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Robin D. Stephens lived through Jim Crow and thought the worst days of racism were behind her. Then President Donald Trump told four American congresswomen of color to “go back” to where they came from.”

Said 61-year-old Stephens, “It was very hurtful to see the person who is the leader of the country that I live in and that I respect and love, speak that way to U.S. citizens.” Stephens is a retired public defender who lives in Ann Arbor, Mich., reports the Associated Press. But Stephens is tired of talking about Trump’s racist tweets. She is ready to take her pain to the polls.

“What I want to talk about now to people and to get people excited about and to get people wanting to go out to vote about now is the fact that this came from the White House,” Stephens said. “We can change that. And the way we change that is by voting.”

Democratic presidential candidates gathering in Detroit on Wednesday to address the annual NAACP convention will need voters like Stephens to keep that passion heading into next year’s election. Trump is gambling that his attacks on the four congresswomen, which he revived on Tuesday, will help him secure another term in the White House by galvanizing his most fervent, overwhelmingly White supporters.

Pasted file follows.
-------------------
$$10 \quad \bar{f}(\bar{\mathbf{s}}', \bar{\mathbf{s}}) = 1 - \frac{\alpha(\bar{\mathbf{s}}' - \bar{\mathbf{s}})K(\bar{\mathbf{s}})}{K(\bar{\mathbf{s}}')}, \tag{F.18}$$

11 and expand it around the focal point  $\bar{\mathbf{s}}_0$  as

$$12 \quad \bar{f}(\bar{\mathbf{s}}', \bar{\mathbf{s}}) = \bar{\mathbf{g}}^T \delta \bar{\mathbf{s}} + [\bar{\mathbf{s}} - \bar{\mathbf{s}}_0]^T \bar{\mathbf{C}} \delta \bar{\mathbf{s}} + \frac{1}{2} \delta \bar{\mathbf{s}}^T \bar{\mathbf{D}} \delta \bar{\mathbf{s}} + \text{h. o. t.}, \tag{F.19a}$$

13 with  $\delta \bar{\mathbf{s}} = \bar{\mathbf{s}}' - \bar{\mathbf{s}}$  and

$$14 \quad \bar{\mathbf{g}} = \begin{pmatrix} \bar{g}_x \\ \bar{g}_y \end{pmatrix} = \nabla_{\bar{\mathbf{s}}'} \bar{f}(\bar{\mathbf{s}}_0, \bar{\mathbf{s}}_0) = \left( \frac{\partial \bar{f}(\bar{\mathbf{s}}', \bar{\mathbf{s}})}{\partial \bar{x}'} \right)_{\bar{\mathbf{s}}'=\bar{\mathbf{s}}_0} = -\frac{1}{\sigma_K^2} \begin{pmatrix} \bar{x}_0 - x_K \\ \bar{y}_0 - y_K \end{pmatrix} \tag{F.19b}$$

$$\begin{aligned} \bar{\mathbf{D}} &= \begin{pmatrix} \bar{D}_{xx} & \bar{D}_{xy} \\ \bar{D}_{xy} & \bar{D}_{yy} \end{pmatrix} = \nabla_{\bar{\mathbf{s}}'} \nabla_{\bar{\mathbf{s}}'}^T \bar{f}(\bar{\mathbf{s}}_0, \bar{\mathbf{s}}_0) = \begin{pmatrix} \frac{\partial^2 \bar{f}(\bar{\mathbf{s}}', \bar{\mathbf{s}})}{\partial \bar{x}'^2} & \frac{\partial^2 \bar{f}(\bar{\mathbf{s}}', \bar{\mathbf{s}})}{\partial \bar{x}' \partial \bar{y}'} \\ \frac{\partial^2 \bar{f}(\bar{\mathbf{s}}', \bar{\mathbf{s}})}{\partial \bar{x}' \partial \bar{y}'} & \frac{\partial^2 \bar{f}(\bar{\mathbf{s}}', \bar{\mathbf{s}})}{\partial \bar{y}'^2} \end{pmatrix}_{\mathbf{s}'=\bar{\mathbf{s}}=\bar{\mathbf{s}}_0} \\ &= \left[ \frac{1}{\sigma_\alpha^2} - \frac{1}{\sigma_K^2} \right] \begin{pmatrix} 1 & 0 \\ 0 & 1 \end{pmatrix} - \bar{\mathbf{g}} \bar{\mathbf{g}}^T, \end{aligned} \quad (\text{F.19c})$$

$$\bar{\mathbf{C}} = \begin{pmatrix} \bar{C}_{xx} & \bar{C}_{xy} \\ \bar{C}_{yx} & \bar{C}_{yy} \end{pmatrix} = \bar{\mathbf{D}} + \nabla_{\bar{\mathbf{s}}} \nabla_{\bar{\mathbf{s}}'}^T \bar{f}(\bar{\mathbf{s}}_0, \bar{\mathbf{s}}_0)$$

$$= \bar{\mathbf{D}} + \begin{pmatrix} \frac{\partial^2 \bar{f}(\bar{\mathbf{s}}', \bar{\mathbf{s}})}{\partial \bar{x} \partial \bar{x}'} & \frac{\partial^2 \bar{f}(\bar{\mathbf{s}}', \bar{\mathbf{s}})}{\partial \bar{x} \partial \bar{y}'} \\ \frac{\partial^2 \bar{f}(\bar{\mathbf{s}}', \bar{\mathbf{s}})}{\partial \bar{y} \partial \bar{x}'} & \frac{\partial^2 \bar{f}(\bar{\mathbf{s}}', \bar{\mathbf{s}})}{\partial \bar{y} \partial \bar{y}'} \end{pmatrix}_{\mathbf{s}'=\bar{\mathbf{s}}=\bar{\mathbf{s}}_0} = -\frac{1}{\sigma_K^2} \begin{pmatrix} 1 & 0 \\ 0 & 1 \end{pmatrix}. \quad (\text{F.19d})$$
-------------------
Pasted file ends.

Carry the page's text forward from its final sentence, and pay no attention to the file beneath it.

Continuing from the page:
But dozens of Black leaders, activists and voters in pivotal swing states said they’re just as motivated to vote and won’t forget Trump’s actions. “I see more people engaged and responding to the comments, people who aren’t political, friends of mine who vote more casually, they are responding,” said Wisconsin’s Lt. Governor Mandela Barnes, who is Black and from Milwaukee, where Democrats will meet to declare their nominee at the party’s convention next summer. In 2016, black turnout was down about 7 percentage points nationally compared with 2012, according to census estimates. Barnes said the Republican president’s comments are resonating with people “in a more real way” than past statements he’s made, which could translate into increased turnout next November.